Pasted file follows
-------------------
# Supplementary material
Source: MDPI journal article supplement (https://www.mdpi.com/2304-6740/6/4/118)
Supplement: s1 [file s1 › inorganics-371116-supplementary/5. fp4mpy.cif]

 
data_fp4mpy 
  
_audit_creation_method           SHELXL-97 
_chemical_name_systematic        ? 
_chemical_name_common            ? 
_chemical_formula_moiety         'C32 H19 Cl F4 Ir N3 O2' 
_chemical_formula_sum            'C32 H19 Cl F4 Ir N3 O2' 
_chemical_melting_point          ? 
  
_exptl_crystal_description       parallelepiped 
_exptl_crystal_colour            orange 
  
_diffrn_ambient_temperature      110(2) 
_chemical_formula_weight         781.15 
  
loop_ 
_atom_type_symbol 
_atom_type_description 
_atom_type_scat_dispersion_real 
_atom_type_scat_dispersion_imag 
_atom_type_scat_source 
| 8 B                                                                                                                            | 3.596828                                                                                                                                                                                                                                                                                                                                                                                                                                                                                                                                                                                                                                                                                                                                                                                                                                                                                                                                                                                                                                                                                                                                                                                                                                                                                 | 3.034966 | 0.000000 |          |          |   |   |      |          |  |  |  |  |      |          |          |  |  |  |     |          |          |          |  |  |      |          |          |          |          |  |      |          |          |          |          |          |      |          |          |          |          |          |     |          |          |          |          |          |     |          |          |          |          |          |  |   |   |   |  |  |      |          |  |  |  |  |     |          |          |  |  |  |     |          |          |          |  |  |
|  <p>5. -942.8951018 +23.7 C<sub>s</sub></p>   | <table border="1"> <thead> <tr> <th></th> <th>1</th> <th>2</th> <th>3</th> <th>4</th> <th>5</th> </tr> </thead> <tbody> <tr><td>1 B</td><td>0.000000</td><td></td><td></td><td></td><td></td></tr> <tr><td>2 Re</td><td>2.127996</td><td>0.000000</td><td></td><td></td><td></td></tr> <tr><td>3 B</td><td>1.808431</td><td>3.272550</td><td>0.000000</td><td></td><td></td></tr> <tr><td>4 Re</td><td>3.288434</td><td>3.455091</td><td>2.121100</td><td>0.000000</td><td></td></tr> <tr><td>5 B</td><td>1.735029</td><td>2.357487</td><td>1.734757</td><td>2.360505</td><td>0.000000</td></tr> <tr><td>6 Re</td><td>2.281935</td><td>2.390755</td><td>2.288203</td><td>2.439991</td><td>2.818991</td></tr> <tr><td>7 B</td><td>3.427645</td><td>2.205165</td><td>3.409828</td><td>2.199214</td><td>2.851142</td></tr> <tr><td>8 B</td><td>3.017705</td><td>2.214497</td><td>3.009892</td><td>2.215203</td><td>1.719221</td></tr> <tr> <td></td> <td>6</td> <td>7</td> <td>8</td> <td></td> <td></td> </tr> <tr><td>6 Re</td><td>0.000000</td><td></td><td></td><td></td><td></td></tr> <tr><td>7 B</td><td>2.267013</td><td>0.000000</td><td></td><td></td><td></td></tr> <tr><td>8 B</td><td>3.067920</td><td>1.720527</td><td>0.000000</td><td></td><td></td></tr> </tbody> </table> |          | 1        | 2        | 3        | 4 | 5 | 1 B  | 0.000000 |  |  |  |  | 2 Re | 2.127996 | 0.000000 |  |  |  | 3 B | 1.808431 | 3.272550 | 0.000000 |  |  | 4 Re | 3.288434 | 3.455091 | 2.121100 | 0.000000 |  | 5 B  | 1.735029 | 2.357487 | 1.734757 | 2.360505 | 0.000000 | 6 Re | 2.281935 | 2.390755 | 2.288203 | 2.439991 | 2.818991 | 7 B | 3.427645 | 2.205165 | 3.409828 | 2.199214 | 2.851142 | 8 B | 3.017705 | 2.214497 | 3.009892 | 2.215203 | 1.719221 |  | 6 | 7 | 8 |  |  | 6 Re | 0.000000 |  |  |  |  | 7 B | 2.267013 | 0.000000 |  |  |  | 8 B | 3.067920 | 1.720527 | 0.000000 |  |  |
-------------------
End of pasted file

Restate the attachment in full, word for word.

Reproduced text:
# Supplementary material
Source: MDPI journal article supplement (https://www.mdpi.com/2304-6740/6/4/118)
Supplement: s1 [file s1 › inorganics-371116-supplementary/5. fp4mpy.cif]

 
data_fp4mpy 
  
_audit_creation_method           SHELXL-97 
_chemical_name_systematic        ? 
_chemical_name_common            ? 
_chemical_formula_moiety         'C32 H19 Cl F4 Ir N3 O2' 
_chemical_formula_sum            'C32 H19 Cl F4 Ir N3 O2' 
_chemical_melting_point          ? 
  
_exptl_crystal_description       parallelepiped 
_exptl_crystal_colour            orange 
  
_diffrn_ambient_temperature      110(2) 
_chemical_formula_weight         781.15 
  
loop_ 
_atom_type_symbol 
_atom_type_description 
_atom_type_scat_dispersion_real 
_atom_type_scat_dispersion_imag 
_atom_type_scat_source 
| 8 B                                                                                                                            | 3.596828                                                                                                                                                                                                                                                                                                                                                                                                                                                                                                                                                                                                                                                                                                                                                                                                                                                                                                                                                                                                                                                                                                                                                                                                                                                                                 | 3.034966 | 0.000000 |          |          |   |   |      |          |  |  |  |  |      |          |          |  |  |  |     |          |          |          |  |  |      |          |          |          |          |  |      |          |          |          |          |          |      |          |          |          |          |          |     |          |          |          |          |          |     |          |          |          |          |          |  |   |   |   |  |  |      |          |  |  |  |  |     |          |          |  |  |  |     |          |          |          |  |  |
|  <p>5. -942.8951018 +23.7 C<sub>s</sub></p>   | <table border="1"> <thead> <tr> <th></th> <th>1</th> <th>2</th> <th>3</th> <th>4</th> <th>5</th> </tr> </thead> <tbody> <tr><td>1 B</td><td>0.000000</td><td></td><td></td><td></td><td></td></tr> <tr><td>2 Re</td><td>2.127996</td><td>0.000000</td><td></td><td></td><td></td></tr> <tr><td>3 B</td><td>1.808431</td><td>3.272550</td><td>0.000000</td><td></td><td></td></tr> <tr><td>4 Re</td><td>3.288434</td><td>3.455091</td><td>2.121100</td><td>0.000000</td><td></td></tr> <tr><td>5 B</td><td>1.735029</td><td>2.357487</td><td>1.734757</td><td>2.360505</td><td>0.000000</td></tr> <tr><td>6 Re</td><td>2.281935</td><td>2.390755</td><td>2.288203</td><td>2.439991</td><td>2.818991</td></tr> <tr><td>7 B</td><td>3.427645</td><td>2.205165</td><td>3.409828</td><td>2.199214</td><td>2.851142</td></tr> <tr><td>8 B</td><td>3.017705</td><td>2.214497</td><td>3.009892</td><td>2.215203</td><td>1.719221</td></tr> <tr> <td></td> <td>6</td> <td>7</td> <td>8</td> <td></td> <td></td> </tr> <tr><td>6 Re</td><td>0.000000</td><td></td><td></td><td></td><td></td></tr> <tr><td>7 B</td><td>2.267013</td><td>0.000000</td><td></td><td></td><td></td></tr> <tr><td>8 B</td><td>3.067920</td><td>1.720527</td><td>0.000000</td><td></td><td></td></tr> </tbody> </table> |          | 1        | 2        | 3        | 4 | 5 | 1 B  | 0.000000 |  |  |  |  | 2 Re | 2.127996 | 0.000000 |  |  |  | 3 B | 1.808431 | 3.272550 | 0.000000 |  |  | 4 Re | 3.288434 | 3.455091 | 2.121100 | 0.000000 |  | 5 B  | 1.735029 | 2.357487 | 1.734757 | 2.360505 | 0.000000 | 6 Re | 2.281935 | 2.390755 | 2.288203 | 2.439991 | 2.818991 | 7 B | 3.427645 | 2.205165 | 3.409828 | 2.199214 | 2.851142 | 8 B | 3.017705 | 2.214497 | 3.009892 | 2.215203 | 1.719221 |  | 6 | 7 | 8 |  |  | 6 Re | 0.000000 |  |  |  |  | 7 B | 2.267013 | 0.000000 |  |  |  | 8 B | 3.067920 | 1.720527 | 0.000000 |  |  |